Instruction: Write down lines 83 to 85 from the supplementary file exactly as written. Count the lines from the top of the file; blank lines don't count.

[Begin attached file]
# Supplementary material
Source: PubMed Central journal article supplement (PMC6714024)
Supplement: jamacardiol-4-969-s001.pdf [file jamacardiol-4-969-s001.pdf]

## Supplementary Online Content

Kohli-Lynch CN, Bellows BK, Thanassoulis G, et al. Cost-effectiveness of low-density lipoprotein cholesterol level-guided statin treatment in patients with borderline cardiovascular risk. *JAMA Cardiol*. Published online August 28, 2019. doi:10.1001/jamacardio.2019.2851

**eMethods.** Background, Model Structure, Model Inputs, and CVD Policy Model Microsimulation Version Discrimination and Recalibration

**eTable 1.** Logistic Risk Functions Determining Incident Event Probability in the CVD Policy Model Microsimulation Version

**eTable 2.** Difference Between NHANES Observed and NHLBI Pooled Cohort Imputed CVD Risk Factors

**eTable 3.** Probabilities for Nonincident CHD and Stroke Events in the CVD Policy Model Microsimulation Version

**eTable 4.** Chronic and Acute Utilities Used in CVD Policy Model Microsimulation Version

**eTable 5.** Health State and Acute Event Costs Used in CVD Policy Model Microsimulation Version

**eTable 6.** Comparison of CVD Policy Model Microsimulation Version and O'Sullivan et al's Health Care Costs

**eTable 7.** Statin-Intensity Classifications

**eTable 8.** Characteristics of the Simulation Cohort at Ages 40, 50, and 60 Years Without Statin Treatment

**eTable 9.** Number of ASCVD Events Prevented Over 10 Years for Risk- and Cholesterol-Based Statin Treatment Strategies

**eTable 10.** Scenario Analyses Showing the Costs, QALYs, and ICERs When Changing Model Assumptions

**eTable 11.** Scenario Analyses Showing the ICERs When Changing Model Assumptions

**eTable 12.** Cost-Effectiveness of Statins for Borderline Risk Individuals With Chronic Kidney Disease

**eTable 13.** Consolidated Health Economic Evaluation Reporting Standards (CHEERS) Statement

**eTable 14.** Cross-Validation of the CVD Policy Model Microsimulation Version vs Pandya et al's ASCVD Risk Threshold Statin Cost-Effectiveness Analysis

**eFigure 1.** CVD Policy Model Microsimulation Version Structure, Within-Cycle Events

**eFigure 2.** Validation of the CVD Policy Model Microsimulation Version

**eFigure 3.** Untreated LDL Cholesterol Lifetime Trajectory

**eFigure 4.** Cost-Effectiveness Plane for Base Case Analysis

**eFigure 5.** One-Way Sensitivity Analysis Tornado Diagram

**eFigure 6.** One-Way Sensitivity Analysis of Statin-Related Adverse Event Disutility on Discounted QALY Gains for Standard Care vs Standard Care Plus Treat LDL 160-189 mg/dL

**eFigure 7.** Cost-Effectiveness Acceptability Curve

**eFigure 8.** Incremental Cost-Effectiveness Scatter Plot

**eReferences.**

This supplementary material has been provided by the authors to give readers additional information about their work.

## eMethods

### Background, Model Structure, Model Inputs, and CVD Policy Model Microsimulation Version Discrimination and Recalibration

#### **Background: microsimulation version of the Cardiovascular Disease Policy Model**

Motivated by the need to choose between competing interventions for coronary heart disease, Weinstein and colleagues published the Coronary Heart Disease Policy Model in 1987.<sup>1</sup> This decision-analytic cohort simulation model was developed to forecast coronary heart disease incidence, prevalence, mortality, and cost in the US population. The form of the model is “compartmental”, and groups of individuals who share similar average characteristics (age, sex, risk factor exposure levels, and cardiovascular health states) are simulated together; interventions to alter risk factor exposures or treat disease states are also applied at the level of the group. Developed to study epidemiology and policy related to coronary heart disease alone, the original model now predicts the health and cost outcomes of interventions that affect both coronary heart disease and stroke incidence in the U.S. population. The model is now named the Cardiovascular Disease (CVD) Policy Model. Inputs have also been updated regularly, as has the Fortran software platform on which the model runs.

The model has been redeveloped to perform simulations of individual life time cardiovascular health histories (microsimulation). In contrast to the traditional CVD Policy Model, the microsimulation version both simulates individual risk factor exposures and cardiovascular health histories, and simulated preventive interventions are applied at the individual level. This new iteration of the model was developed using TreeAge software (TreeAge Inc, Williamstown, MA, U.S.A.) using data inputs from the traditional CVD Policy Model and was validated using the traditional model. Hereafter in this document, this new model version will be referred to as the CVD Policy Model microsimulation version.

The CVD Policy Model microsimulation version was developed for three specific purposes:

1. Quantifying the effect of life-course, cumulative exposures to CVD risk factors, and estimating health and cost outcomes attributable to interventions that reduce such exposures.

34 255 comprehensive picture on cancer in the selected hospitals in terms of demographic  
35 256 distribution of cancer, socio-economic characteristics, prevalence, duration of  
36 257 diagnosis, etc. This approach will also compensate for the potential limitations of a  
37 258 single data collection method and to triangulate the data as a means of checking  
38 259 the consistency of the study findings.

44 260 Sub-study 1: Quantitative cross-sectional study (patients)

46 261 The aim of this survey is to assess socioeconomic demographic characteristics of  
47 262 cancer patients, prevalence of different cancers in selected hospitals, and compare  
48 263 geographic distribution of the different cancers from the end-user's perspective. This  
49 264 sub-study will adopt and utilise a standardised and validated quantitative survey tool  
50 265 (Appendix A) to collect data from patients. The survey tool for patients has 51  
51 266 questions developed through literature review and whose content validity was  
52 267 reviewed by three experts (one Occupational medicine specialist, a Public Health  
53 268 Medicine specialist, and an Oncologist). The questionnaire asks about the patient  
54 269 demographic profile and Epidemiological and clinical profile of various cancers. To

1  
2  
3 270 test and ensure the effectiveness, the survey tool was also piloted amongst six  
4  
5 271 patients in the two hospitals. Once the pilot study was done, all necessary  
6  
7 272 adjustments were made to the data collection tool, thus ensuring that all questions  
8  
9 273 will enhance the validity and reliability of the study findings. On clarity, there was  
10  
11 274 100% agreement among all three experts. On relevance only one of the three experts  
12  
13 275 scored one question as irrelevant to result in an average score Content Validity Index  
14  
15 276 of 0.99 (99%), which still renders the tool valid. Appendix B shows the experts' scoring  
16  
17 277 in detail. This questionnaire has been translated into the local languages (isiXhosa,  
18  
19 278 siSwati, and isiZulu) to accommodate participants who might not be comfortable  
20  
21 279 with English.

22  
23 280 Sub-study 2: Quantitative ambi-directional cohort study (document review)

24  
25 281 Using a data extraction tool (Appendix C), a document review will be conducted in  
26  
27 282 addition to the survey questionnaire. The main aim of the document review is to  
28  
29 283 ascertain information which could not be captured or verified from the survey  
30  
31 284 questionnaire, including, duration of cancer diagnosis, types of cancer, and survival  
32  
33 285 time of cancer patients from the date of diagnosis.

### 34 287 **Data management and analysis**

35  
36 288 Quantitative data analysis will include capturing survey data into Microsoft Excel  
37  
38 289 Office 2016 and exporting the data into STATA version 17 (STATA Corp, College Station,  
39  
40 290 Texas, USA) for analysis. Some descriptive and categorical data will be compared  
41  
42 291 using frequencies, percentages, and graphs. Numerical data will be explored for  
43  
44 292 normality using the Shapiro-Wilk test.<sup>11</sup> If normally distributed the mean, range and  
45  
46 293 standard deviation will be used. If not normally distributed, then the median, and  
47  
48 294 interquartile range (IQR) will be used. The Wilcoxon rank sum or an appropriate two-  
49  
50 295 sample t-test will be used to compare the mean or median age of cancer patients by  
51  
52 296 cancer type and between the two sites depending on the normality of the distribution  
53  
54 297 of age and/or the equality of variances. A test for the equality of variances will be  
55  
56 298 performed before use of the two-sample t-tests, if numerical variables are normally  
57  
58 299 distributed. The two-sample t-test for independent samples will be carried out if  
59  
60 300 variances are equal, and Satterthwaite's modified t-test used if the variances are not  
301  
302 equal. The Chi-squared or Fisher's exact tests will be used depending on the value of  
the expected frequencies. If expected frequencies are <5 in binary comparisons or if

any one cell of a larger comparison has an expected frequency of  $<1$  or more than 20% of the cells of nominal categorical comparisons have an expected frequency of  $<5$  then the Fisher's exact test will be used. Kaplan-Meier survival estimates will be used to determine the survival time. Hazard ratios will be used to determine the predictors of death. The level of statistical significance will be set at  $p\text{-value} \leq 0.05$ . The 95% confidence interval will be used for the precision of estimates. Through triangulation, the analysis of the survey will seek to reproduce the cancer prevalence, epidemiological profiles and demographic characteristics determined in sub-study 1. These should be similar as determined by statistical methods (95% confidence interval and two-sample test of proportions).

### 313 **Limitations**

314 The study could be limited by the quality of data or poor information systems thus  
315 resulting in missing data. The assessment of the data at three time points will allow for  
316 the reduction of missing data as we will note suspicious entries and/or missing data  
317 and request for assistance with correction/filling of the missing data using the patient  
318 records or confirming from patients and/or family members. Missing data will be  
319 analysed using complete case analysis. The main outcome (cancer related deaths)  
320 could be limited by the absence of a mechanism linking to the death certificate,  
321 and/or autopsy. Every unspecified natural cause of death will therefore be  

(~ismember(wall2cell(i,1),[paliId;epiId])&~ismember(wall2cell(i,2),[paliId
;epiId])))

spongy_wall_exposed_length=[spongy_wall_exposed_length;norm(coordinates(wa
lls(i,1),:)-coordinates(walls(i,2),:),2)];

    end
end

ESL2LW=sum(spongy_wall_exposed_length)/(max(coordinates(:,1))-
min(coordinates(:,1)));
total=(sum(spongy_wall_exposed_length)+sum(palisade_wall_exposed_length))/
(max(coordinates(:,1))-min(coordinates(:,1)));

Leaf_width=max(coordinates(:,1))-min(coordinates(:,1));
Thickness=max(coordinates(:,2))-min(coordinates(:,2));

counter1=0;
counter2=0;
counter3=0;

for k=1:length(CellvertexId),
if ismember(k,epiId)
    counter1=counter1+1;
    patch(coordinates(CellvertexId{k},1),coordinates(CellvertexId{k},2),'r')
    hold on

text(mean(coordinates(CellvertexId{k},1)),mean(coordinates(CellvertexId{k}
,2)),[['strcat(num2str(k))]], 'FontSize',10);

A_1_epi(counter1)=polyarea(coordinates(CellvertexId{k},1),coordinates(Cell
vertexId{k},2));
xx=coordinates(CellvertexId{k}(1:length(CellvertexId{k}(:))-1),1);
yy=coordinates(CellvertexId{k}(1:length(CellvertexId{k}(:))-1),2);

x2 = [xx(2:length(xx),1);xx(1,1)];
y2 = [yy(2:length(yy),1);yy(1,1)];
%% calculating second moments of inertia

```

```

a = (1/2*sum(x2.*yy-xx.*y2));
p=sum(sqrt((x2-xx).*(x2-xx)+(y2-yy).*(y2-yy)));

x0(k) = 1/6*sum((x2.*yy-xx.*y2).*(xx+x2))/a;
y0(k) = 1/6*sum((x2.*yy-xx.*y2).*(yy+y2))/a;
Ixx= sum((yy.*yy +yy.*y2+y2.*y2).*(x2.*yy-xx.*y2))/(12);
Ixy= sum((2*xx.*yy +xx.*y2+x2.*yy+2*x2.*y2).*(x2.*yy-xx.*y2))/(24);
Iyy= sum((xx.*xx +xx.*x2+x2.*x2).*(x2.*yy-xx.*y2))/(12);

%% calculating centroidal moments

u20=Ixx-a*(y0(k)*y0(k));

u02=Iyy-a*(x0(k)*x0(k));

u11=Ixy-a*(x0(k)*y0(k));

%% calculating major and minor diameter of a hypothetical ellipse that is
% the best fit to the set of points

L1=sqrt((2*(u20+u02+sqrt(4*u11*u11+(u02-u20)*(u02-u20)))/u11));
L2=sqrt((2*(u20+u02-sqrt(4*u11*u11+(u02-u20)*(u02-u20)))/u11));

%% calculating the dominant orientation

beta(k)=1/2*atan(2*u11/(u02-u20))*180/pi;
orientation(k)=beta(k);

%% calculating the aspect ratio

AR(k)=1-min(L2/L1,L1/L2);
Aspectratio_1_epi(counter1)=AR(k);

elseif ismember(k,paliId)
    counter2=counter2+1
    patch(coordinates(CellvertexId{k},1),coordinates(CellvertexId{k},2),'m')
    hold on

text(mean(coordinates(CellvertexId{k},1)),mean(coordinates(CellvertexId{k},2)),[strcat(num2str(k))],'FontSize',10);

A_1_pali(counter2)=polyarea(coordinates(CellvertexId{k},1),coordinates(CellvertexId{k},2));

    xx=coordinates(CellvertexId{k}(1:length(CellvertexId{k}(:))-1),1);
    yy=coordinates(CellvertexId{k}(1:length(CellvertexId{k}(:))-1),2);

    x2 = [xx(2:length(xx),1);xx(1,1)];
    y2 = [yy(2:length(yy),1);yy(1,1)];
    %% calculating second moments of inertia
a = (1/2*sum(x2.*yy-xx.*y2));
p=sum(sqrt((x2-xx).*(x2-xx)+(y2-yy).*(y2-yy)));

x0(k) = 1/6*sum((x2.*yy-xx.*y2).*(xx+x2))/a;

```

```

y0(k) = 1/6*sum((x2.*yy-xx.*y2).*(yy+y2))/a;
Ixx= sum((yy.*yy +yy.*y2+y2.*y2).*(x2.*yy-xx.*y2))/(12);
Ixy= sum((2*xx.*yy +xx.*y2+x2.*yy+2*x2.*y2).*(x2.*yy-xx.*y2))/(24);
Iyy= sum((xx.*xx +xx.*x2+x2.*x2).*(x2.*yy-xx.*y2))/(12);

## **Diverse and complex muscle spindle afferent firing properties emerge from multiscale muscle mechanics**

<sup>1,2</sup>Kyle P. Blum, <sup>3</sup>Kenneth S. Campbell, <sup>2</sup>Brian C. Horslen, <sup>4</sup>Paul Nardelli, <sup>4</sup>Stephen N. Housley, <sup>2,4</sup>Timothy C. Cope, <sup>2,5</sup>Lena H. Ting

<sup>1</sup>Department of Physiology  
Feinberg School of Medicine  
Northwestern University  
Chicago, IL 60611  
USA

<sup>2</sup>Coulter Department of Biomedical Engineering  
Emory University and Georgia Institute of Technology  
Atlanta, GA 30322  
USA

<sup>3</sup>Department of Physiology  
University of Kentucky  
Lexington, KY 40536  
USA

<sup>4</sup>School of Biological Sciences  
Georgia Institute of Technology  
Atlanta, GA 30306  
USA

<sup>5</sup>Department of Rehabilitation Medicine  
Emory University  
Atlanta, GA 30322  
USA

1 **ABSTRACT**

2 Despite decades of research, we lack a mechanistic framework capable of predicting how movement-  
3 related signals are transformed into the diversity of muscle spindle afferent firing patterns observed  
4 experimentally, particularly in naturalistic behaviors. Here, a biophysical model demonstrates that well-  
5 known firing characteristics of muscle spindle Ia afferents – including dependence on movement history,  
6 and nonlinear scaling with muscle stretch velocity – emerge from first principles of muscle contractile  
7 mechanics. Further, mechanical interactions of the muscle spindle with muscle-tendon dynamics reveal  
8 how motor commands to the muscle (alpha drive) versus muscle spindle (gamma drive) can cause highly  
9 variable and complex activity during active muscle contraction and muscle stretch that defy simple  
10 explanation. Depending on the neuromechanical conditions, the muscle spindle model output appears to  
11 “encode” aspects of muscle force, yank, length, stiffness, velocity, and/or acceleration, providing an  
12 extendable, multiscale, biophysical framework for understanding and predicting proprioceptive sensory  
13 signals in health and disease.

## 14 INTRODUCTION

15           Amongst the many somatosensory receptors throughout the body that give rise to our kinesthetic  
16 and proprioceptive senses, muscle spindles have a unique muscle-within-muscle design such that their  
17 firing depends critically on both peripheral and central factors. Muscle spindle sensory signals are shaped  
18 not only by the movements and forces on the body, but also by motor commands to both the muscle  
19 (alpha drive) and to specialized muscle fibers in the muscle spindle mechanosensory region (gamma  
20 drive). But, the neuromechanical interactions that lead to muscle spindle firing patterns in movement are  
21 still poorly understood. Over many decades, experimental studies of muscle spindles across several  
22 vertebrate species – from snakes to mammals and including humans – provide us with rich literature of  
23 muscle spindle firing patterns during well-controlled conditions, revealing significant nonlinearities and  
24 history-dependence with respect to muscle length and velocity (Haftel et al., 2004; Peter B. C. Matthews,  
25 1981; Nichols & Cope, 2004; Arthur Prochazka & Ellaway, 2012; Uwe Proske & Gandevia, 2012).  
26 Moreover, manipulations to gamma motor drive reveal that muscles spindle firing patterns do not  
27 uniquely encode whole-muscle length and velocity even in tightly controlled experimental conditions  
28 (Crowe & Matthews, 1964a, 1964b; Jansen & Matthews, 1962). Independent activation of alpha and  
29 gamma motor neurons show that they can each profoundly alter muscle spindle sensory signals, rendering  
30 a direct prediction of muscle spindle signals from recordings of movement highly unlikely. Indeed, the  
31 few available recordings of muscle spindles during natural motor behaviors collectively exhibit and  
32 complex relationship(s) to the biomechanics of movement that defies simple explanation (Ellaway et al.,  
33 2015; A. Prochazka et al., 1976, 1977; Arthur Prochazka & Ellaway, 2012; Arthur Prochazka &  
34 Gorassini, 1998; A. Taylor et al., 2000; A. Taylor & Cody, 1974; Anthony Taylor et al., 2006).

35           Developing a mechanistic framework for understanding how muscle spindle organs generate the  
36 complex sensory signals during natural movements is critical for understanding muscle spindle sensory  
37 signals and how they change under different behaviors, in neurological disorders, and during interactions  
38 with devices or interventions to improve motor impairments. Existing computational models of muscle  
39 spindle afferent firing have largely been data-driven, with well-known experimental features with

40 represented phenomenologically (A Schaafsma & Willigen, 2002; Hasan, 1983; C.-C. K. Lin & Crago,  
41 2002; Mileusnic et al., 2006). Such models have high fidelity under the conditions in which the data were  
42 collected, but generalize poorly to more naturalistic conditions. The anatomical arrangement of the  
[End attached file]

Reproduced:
31 284 questionnaire, including, duration of cancer diagnosis, types of cancer, and survival  
32  
33 285 time of cancer patients from the date of diagnosis.